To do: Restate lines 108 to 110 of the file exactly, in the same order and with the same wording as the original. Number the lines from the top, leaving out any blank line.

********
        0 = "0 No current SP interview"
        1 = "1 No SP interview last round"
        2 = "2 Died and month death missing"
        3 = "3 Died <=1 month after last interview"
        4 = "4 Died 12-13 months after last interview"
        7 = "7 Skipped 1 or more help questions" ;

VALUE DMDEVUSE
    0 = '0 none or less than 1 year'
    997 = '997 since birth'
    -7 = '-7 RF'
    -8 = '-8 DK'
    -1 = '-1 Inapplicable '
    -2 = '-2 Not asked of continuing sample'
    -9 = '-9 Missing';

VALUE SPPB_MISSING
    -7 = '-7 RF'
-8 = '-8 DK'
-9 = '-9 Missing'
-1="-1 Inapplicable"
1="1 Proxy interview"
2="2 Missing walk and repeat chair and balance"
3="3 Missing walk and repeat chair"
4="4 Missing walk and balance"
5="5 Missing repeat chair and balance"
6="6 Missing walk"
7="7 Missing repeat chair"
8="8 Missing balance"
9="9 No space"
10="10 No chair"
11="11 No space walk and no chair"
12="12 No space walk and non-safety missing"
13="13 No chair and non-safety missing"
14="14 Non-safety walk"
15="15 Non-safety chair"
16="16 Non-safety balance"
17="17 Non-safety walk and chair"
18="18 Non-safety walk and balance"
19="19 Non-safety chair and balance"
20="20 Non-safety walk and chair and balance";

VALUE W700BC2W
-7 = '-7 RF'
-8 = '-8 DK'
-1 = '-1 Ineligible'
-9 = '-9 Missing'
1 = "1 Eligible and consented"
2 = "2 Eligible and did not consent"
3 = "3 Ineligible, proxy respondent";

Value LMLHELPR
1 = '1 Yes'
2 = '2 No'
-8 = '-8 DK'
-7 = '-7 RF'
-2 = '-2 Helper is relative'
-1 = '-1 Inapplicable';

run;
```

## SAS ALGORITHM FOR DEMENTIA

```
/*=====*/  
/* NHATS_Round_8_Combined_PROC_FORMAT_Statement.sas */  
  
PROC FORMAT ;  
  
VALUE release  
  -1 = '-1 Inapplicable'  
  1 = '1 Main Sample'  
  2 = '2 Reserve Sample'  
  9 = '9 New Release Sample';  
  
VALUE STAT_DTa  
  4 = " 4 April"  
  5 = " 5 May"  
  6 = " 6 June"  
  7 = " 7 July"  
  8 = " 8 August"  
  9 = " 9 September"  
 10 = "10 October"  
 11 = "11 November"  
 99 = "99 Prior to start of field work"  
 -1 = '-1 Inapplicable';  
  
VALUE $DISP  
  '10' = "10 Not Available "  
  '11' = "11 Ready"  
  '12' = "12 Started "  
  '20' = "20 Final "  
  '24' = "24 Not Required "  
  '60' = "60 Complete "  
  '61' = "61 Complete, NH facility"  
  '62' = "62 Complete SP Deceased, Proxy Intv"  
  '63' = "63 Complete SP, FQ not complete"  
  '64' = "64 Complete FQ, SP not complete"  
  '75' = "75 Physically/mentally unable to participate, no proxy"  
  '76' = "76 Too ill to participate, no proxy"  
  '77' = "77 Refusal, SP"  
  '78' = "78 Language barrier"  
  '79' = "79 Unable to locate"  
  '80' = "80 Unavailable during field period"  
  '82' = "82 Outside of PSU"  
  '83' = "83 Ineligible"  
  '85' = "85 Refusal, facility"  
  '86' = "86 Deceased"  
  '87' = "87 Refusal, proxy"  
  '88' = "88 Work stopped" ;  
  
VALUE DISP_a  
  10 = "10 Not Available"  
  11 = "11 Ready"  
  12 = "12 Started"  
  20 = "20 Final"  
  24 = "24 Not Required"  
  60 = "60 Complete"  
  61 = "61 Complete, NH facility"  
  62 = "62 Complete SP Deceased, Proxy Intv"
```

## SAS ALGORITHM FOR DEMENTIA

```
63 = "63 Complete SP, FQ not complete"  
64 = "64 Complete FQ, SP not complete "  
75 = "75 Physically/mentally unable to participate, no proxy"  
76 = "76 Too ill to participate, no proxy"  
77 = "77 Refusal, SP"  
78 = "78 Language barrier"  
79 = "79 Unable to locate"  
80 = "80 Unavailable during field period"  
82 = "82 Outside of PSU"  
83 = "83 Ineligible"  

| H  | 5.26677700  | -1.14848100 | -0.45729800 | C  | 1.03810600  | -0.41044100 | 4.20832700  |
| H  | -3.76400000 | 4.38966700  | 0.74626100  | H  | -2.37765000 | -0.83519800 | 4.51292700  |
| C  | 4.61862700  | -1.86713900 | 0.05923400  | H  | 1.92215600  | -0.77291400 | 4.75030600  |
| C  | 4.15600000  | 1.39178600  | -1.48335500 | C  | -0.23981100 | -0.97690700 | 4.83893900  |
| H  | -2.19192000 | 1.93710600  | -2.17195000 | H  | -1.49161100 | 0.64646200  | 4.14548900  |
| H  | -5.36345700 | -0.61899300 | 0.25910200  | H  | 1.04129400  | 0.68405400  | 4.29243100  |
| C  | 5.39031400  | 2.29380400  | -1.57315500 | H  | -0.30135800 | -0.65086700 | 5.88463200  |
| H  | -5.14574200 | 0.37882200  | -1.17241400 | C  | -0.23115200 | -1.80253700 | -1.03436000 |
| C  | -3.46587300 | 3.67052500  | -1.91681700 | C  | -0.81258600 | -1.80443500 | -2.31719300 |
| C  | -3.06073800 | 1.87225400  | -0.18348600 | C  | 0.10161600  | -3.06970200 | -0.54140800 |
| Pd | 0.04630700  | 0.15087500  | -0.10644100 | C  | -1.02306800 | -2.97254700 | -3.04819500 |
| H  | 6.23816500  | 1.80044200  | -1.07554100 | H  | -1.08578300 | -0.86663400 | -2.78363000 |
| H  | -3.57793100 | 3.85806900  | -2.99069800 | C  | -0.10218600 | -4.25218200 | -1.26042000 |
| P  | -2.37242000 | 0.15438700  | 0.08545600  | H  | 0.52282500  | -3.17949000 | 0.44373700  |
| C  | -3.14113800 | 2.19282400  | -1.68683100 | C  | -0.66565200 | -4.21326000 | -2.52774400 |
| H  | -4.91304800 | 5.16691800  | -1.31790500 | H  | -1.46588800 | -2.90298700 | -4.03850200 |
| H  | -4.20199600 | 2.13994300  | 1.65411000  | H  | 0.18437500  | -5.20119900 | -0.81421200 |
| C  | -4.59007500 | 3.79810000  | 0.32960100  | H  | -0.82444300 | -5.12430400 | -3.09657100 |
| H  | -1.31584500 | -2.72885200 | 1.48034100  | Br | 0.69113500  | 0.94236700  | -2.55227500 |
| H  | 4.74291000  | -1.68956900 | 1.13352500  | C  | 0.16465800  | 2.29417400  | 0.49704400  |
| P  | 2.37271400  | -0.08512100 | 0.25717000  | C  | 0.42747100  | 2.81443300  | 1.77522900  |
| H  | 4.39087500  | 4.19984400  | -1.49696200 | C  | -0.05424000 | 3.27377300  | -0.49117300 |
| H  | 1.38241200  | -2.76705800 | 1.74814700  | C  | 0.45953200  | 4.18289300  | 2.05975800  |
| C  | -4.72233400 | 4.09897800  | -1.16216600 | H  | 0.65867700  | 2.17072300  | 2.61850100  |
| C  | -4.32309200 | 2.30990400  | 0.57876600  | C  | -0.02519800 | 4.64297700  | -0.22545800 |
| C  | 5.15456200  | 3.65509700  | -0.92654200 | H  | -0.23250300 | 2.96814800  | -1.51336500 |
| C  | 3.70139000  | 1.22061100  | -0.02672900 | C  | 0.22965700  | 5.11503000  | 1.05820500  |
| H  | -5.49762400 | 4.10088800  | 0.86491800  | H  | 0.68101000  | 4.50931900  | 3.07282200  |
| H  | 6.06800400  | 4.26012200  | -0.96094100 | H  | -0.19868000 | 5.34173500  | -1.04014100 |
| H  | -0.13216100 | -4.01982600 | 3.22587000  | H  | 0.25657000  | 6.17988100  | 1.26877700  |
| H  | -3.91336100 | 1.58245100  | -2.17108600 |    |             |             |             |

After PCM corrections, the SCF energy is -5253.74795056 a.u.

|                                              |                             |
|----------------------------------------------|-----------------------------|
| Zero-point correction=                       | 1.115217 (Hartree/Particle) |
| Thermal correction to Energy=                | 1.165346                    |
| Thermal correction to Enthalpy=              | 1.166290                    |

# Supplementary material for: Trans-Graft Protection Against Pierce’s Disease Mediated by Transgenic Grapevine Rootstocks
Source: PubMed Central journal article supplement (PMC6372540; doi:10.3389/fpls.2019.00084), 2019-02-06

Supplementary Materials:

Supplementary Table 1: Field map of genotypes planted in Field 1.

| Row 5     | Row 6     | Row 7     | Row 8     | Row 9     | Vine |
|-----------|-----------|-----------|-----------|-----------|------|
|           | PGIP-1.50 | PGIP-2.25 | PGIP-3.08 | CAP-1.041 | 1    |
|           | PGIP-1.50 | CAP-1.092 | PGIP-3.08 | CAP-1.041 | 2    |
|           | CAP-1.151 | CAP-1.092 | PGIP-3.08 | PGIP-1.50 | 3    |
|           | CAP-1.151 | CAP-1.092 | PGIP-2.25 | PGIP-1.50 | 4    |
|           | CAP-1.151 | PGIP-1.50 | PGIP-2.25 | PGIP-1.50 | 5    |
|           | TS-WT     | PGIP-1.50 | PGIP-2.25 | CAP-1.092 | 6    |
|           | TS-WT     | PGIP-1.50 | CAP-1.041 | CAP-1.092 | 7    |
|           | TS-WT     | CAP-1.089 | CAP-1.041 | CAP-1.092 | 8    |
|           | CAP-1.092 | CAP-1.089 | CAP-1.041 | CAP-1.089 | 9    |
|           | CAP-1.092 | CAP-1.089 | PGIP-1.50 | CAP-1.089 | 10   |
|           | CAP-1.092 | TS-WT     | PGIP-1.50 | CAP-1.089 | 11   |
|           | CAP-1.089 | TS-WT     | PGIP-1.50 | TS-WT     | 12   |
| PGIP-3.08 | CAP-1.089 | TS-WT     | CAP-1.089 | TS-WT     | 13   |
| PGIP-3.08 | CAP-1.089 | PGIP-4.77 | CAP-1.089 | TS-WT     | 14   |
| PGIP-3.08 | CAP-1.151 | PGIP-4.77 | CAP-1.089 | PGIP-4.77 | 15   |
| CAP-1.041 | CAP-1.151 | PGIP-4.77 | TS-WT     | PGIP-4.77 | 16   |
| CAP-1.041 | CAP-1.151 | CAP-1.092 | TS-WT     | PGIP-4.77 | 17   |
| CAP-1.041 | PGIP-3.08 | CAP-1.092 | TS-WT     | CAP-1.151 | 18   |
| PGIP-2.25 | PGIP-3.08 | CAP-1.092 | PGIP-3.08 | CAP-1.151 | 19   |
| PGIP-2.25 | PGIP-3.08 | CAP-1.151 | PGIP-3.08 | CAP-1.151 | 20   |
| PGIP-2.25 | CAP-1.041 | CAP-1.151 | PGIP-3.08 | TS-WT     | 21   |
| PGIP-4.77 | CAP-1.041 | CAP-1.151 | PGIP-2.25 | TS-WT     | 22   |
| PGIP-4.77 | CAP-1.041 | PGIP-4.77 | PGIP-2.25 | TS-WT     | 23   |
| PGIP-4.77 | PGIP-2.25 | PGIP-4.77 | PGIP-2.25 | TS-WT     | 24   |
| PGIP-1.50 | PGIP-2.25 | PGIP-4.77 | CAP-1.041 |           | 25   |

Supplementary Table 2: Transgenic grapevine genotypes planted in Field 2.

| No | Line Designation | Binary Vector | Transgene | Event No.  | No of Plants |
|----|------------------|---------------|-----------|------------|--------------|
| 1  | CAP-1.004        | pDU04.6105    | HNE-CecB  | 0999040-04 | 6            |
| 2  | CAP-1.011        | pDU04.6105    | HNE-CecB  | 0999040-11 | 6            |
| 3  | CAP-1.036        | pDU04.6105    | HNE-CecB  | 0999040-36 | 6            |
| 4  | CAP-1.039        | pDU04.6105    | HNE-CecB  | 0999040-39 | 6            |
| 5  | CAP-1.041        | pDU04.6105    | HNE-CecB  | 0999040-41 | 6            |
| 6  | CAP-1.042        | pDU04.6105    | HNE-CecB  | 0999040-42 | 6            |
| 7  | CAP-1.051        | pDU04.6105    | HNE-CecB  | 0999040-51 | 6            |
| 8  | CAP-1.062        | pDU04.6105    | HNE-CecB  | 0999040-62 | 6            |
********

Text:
  61 = "61 Complete, NH facility"  
  62 = "62 Complete SP Deceased, Proxy Intv"
```